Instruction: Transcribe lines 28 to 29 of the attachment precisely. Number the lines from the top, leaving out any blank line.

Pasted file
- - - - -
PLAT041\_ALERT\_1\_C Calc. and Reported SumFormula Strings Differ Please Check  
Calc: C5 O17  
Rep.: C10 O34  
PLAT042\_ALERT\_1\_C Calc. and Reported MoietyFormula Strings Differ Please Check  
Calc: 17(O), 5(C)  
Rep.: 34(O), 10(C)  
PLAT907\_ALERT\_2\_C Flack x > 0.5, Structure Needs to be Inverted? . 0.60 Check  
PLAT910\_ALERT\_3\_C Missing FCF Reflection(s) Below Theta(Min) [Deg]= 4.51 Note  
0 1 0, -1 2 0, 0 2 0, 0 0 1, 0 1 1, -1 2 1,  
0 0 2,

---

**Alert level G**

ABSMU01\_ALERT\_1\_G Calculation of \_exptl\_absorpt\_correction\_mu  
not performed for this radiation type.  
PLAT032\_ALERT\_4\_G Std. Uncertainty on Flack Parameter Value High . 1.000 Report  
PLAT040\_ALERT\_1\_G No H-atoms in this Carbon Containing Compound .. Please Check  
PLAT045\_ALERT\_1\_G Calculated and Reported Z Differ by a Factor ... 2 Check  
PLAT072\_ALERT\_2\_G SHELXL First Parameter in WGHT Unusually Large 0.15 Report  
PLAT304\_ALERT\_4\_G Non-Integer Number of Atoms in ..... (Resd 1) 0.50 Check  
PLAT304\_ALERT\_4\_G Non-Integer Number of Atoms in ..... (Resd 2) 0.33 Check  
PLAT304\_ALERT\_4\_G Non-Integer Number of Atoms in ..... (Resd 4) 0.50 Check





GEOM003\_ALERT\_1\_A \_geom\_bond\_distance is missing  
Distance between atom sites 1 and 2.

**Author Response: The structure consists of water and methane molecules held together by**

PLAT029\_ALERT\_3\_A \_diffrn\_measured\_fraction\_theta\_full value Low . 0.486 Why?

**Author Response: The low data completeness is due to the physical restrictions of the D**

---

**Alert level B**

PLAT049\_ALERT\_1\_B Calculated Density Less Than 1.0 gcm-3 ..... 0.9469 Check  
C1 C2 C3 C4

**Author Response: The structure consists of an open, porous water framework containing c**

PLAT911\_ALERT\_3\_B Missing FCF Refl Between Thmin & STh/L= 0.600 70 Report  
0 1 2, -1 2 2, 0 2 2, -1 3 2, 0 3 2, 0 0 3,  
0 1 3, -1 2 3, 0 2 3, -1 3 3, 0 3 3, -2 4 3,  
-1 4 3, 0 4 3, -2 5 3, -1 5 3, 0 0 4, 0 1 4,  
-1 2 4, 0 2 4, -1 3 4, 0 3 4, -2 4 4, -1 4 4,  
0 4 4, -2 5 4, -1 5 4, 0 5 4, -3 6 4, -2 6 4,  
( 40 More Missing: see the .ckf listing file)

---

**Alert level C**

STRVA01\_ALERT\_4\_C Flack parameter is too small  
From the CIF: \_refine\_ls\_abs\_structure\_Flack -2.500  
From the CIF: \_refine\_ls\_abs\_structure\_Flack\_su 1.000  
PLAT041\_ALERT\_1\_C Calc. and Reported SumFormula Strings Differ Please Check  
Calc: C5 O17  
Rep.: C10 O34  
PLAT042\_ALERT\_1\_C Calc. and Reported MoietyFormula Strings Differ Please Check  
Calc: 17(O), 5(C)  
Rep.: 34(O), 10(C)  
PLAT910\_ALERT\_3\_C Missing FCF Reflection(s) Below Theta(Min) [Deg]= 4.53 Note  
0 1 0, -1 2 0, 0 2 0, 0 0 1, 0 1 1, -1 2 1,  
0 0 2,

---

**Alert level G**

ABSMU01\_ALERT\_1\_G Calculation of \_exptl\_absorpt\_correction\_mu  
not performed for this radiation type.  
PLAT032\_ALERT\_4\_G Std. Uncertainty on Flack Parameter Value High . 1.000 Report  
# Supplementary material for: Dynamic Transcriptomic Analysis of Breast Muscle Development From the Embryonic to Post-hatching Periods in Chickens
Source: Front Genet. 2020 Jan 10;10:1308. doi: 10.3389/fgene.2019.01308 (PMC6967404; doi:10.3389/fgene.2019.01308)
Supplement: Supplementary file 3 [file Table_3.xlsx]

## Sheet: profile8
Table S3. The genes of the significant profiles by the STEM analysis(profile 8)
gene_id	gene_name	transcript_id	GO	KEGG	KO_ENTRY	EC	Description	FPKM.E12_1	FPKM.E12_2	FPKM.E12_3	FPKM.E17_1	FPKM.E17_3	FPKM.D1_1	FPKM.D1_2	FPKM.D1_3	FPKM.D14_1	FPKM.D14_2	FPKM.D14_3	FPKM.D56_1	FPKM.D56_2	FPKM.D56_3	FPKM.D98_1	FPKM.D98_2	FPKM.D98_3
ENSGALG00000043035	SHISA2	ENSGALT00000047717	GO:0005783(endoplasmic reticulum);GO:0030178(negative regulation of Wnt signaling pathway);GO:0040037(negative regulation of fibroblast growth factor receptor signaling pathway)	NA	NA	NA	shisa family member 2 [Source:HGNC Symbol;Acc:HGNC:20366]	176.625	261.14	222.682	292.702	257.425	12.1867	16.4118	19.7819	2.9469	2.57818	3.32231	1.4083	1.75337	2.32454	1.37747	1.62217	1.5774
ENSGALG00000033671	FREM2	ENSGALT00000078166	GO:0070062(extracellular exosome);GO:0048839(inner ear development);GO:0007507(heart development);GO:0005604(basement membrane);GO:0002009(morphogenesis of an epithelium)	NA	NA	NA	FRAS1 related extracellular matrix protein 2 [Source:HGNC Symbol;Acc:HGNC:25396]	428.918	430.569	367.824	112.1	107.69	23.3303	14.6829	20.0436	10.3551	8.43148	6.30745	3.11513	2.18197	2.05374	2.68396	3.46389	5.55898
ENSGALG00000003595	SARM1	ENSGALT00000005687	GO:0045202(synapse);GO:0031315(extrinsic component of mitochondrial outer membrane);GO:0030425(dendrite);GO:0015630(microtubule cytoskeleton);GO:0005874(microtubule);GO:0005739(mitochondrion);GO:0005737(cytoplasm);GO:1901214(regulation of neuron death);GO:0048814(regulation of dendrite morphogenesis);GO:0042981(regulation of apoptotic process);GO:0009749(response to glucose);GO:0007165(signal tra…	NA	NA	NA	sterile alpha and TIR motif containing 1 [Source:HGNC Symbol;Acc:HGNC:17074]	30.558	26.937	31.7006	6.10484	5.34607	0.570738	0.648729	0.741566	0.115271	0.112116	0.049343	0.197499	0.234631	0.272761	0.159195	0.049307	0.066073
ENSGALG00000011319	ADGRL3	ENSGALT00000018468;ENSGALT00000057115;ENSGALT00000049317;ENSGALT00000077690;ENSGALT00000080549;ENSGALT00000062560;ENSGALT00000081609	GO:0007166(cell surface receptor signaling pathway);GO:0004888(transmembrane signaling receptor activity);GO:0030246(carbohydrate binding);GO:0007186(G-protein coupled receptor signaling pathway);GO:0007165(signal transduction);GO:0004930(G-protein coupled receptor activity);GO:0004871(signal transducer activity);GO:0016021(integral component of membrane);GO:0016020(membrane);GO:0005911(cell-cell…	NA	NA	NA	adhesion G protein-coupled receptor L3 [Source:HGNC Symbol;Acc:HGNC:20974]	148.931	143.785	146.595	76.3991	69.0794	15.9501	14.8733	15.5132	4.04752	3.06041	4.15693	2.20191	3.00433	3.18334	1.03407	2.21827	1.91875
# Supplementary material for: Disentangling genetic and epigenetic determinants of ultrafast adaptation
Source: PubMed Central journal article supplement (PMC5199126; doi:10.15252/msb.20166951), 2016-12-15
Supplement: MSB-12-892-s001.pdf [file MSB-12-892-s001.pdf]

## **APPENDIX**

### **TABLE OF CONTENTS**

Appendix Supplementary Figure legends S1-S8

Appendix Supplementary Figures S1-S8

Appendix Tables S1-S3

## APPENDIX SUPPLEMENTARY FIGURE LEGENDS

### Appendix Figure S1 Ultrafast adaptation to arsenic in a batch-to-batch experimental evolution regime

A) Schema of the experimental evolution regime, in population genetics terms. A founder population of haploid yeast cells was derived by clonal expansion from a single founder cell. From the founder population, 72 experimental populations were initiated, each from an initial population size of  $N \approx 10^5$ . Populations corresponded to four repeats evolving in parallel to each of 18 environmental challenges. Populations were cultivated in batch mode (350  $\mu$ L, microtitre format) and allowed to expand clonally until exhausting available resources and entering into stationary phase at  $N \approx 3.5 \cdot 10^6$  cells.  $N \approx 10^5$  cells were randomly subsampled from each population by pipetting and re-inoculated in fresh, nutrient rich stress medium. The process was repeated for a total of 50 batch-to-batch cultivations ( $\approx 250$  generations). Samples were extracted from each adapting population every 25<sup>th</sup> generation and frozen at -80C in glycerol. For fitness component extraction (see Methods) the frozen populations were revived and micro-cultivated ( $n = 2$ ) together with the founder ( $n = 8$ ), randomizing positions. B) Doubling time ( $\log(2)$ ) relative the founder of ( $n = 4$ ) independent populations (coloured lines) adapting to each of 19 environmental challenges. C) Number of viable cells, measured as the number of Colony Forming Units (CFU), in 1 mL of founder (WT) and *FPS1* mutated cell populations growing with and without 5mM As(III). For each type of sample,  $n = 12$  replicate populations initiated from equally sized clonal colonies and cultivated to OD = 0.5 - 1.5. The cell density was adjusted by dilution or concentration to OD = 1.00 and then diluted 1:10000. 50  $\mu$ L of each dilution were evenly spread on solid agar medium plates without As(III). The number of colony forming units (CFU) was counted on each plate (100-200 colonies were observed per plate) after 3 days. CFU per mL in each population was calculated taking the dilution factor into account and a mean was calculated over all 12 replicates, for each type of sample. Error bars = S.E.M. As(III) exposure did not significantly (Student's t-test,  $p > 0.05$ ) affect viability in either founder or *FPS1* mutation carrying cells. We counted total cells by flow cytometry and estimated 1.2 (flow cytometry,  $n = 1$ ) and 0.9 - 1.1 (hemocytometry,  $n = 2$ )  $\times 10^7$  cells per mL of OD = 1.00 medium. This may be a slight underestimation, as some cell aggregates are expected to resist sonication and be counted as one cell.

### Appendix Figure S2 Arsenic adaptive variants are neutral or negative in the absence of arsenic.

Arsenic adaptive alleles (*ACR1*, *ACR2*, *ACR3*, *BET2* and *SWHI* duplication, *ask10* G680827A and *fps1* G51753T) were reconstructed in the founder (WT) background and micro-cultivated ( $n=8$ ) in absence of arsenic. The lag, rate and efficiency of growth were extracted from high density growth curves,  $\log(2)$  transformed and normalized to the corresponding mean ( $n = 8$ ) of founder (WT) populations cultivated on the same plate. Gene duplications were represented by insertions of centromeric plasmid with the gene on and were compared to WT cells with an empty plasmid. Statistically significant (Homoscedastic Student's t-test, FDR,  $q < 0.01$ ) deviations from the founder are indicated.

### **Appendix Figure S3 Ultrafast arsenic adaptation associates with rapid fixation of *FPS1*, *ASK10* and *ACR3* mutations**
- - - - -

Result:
**Alert level B**

PLAT049\_ALERT\_1\_B Calculated Density Less Than 1.0 gcm-3 ..... 0.9469 Check  